For Eureka residents.  I’ve always supported district elections wherever I’ve lived.  It was a major fight in San Francisco for years as the Feinstein/Willie Brown machine tried to maintain a lock on what we progressives referred to as “downtown interest control.”  San Francisco had passed district elections in the 1970s resulting in the election of progressives like Harvey Milk, Carol Ruth Silver, and not-so-progressive Dan White (the last Republican to be elected to office in San Francisco).  When the latter killed the former and Mayor Moscone, so many people fell for the argument which read basically, “See what happens when you have district elections?”  So SF did without district elections throughout the 80s.  Then the ill-advised term limits were passed statewide and Willie Brown found himself out of the Assembly and running for Mayor.  He thought he had a lock with a majority.

And then something remarkable happened.  Supervisor Mabel Teng, who had been a Maoist a couple of decades before, had been selling out and schilling for “downtown interests” for years, all of the sudden had a bout of conscience.  She flipped her vote (As cameras flashed, Brown acolyte Carol Migden walked across the chambers after the vote and lit into Teng who held her ground nicely) and SF now has district elections and a fairly progressive Board of Supervisors despite the Google takeover.

District elections were originally proposed by the Progressive Movement of the early 20th century as part of a list of reforms to break up municipal power monopolies like Tamany Hall.  There has been enormous resistance from conservative forces to the point where Catholic figures speaking along the lines of McCarthyite Bishop Fulton Sheen argued that the push for district elections was communist inspired and nuns were deployed to encourage public prayer against them in the 1950s.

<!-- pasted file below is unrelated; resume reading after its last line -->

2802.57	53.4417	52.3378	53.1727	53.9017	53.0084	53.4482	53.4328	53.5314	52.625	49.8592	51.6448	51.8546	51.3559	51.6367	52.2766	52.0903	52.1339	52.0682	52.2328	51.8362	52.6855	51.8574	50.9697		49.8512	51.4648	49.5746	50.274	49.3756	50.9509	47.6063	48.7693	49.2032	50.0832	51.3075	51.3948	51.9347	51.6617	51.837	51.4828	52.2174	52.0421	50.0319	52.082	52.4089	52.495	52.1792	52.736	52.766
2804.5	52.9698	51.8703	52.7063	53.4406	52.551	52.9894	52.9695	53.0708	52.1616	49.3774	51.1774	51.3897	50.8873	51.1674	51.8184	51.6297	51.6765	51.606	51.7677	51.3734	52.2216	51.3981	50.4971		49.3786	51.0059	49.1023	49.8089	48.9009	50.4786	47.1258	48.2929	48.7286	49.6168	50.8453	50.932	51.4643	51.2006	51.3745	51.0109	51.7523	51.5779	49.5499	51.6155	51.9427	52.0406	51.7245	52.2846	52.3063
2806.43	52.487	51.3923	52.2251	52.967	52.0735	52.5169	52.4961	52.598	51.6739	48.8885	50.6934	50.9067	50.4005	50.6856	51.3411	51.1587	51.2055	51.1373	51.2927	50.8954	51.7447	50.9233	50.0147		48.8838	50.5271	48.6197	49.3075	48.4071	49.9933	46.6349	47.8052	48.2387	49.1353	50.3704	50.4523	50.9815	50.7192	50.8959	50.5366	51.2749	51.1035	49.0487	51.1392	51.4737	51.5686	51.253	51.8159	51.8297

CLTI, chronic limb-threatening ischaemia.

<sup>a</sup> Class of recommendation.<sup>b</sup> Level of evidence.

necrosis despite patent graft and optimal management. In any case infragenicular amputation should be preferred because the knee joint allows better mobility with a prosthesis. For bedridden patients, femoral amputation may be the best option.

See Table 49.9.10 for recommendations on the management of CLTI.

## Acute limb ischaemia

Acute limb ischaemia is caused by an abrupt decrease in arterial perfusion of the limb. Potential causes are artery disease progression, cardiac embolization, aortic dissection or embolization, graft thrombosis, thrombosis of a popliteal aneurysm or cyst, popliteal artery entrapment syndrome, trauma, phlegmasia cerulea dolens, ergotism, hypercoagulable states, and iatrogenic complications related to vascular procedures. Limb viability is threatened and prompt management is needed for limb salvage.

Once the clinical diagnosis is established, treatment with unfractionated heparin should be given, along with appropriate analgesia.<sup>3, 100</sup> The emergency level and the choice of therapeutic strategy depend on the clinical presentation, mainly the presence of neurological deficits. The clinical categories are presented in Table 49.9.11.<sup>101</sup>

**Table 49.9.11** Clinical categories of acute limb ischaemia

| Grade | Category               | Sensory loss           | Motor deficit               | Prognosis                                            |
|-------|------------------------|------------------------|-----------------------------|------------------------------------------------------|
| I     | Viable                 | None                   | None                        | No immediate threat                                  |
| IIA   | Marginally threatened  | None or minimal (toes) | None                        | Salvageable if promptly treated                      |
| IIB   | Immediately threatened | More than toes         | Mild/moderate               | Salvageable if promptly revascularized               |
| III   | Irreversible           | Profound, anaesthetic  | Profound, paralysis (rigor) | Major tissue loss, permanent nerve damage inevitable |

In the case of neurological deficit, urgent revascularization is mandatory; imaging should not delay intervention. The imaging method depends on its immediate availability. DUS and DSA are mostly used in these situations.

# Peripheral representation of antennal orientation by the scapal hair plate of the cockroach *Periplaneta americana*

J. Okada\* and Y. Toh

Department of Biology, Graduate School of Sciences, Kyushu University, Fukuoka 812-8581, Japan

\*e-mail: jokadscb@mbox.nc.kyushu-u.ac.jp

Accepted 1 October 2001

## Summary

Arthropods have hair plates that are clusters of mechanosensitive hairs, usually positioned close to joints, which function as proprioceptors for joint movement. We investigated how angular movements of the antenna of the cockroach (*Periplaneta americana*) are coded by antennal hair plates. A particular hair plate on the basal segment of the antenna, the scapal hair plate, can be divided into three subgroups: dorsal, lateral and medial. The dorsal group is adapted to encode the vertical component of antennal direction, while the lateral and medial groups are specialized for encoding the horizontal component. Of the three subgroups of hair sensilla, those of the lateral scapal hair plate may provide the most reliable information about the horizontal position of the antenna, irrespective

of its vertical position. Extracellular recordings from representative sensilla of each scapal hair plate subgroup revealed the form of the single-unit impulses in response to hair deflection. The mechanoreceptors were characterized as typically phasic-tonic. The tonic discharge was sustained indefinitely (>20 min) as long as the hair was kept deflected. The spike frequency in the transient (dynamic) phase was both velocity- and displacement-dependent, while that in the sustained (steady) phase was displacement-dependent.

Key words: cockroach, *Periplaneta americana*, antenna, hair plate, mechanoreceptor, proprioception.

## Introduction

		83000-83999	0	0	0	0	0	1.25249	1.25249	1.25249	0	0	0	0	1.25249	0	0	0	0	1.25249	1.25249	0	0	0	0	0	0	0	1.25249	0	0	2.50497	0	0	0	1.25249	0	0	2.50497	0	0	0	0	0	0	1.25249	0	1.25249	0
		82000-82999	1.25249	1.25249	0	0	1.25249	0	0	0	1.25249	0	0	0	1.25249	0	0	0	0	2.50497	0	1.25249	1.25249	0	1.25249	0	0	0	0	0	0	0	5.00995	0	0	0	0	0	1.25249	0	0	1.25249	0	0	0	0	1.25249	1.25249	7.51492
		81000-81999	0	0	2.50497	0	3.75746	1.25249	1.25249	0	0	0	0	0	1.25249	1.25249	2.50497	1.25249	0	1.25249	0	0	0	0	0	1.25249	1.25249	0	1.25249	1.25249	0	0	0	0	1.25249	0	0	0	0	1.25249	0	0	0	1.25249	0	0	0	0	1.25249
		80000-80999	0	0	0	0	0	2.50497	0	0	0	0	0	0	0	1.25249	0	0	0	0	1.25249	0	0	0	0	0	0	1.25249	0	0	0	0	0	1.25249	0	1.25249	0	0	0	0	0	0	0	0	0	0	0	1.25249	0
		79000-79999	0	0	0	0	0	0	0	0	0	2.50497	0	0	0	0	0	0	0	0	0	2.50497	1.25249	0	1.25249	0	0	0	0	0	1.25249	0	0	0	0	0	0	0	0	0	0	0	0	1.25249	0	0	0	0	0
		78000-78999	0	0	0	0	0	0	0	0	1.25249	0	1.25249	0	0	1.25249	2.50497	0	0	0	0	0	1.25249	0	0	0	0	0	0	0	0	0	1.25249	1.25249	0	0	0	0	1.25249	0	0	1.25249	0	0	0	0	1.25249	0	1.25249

What district, or in this case ward, elections do is to bring the power of politics to the neighborhood.  Eureka has a hybrid system right now.  You represent one ward, but the rest of the city gets to select your neighborhood representative for you.  Among other issues, this means that the west side is misrepresented by a council member who lives there (that is the sole requirement), but does not represent the ward’s aggregate interests or values.  Ironically, the same may be true if Austin Allison wins in the 4th ward this fall as it is probably the most conservative of the wards.

It means a candidate doesn’t have to spend a lot of money on media.  It means s/he must walk the neighborhoods, hold ward meetings, and actually be in touch with the wants and needs of the neighborhood.  It means large donors have less influence.  And it all but guarantees ideological diversity on the City Council.

Yes on P.

yes-on-p

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